A car dealership in New York. More people are borrowing money against their cars, sometimes to devastating effect.It is a tempting offer: Convert that beaten-up car in the driveway into hard cash with a simple loan.

But car title loans, which allow owners to borrow money against their cars, are having devastating financial consequences for a growing number of Americans who don’t realize how much they truly cost. As the loans proliferate, regulators are beginning to crack down on them.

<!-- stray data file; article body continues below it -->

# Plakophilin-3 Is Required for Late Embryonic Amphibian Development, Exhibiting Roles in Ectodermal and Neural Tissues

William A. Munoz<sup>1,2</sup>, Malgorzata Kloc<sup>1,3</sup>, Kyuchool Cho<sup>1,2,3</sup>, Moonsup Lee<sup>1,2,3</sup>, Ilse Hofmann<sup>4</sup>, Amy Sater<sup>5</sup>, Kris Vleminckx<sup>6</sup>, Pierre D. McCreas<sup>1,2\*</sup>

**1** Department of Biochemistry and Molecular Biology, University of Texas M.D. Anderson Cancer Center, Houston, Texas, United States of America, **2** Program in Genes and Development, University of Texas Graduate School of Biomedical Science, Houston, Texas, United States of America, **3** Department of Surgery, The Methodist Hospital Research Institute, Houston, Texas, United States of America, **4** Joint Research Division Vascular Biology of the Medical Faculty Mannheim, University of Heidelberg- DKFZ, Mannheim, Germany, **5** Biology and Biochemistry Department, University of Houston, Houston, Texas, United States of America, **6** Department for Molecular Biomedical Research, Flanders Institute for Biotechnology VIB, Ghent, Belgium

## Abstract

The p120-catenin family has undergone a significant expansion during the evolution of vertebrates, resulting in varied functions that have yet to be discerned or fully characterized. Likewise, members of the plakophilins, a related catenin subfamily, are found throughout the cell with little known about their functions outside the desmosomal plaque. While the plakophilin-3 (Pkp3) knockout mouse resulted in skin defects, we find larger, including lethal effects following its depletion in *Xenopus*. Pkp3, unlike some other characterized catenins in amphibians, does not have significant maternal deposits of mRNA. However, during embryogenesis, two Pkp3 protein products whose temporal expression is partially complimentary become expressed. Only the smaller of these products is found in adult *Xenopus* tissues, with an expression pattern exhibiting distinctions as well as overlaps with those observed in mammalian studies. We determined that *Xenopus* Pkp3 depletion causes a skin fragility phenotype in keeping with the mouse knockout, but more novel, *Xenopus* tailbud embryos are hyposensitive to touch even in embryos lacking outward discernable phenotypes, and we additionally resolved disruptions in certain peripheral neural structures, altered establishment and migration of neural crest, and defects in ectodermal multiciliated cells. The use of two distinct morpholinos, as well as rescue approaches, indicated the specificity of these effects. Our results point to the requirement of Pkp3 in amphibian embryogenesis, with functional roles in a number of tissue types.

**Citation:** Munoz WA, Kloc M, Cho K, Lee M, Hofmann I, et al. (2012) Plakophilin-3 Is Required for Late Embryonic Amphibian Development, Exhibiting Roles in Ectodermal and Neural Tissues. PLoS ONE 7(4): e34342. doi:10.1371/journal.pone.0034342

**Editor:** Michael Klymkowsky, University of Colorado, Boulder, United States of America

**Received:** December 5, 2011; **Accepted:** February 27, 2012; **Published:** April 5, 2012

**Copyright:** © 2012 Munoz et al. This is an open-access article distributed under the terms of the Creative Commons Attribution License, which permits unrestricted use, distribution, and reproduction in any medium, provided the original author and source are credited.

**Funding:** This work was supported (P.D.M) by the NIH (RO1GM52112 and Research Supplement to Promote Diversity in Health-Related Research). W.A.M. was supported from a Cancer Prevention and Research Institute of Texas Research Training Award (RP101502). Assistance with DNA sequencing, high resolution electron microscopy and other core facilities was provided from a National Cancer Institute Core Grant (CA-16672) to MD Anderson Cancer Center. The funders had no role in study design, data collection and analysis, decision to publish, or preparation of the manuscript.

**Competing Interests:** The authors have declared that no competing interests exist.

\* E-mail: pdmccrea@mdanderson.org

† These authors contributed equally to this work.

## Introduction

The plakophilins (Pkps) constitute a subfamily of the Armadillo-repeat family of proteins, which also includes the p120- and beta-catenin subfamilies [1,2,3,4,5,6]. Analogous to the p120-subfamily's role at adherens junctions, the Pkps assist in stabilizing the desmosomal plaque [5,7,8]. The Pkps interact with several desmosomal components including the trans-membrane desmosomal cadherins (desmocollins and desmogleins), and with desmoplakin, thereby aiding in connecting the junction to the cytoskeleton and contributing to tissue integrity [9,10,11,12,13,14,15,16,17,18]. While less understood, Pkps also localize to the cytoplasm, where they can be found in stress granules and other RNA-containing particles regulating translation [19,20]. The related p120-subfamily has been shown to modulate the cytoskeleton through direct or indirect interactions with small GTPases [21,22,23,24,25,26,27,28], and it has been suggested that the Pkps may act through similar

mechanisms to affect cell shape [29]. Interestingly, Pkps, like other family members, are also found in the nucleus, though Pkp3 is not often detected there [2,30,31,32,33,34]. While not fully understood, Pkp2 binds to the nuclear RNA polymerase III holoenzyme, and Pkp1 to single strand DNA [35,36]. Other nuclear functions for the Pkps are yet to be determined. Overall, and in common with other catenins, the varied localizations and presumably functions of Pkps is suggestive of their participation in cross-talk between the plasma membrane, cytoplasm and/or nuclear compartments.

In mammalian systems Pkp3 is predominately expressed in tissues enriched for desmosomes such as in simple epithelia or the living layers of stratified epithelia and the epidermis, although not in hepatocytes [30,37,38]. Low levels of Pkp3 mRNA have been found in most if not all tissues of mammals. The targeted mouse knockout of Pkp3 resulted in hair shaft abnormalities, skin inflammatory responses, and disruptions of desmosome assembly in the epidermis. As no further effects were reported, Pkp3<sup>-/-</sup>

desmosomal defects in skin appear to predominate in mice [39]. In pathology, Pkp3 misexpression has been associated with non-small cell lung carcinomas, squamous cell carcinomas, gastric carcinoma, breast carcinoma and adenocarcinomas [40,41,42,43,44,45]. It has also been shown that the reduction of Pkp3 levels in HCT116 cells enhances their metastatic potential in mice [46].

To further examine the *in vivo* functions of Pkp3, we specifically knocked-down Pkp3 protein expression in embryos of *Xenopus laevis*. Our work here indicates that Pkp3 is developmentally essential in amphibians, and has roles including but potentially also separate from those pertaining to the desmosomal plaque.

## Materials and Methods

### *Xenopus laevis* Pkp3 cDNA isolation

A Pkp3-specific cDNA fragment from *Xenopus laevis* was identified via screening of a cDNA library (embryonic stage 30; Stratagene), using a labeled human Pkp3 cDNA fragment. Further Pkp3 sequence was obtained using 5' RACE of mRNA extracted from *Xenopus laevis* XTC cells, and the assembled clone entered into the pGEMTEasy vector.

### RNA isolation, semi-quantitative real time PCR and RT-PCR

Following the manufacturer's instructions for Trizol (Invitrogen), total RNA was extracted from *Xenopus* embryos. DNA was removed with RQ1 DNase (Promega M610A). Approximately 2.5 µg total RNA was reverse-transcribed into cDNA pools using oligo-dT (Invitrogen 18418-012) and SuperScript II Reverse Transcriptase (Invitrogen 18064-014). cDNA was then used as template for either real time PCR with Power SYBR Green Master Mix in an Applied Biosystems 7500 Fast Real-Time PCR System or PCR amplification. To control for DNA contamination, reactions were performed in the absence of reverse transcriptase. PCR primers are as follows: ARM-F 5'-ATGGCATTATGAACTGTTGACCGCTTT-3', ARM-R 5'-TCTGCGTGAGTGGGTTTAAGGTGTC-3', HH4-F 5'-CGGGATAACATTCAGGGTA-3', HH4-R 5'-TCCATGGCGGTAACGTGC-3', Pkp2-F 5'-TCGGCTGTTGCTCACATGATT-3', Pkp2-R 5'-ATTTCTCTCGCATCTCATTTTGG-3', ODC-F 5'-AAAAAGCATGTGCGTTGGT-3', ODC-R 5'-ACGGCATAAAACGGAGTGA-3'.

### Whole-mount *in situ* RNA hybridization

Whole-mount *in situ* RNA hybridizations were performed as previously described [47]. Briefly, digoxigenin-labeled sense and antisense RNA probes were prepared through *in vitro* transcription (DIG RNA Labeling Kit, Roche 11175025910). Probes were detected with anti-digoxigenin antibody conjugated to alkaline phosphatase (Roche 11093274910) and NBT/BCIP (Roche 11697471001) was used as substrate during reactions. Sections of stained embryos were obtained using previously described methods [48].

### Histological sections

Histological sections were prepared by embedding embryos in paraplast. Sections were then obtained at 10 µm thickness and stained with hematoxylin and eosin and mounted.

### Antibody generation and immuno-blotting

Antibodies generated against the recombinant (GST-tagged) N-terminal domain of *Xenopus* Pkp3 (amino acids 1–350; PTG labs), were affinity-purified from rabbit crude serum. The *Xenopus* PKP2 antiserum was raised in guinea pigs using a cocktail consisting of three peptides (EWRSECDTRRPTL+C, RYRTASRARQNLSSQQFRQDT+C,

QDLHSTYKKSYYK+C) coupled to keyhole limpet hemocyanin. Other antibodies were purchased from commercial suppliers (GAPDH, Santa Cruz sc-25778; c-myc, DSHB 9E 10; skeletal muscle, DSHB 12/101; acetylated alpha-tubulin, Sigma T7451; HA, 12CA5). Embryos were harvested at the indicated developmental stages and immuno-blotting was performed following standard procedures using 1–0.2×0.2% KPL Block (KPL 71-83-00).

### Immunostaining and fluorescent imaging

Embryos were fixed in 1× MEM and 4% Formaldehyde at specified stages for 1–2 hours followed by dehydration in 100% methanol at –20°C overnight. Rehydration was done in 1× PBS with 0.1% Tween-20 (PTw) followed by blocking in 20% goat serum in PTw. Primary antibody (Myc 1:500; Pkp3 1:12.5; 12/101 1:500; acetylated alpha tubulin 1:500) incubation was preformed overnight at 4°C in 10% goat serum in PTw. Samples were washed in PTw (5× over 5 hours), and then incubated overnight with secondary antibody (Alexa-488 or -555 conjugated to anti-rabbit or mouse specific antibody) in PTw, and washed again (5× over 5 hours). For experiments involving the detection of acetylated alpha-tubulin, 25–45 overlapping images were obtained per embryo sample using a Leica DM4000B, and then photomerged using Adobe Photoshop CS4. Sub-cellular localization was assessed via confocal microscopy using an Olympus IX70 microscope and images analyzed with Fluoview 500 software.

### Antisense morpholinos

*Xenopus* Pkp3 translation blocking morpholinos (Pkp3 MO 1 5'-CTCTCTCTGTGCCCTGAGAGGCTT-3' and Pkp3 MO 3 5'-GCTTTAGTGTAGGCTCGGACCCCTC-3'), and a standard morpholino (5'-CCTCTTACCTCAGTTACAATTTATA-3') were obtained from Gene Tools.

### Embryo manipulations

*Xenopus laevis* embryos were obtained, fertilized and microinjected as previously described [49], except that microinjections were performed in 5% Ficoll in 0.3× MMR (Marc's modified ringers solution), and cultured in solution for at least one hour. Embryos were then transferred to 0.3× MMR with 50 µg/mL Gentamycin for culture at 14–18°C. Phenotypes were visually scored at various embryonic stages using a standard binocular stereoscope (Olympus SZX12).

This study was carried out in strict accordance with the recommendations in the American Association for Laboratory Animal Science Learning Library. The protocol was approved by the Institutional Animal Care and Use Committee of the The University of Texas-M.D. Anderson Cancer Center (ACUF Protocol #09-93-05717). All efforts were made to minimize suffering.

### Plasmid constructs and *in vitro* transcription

The Federal Trade Commission took aim at two car title lenders on suspicions that they misled borrowers by failing to accurately disclose the terms and costs of the loans. On Friday, the agency announced that it had reached a settlement with the two lenders, First American Title Lending and Finance Select, which are based in Georgia. The agreement requires the companies to overhaul how they advertise and promote their loans.

“This type of loan is risky for consumers because if they fail to pay, they could lose their car – an asset many of them can’t live without,” said Jessica Rich, director of the agency’s Bureau of Consumer Protection.

Neither company returned calls for comment.

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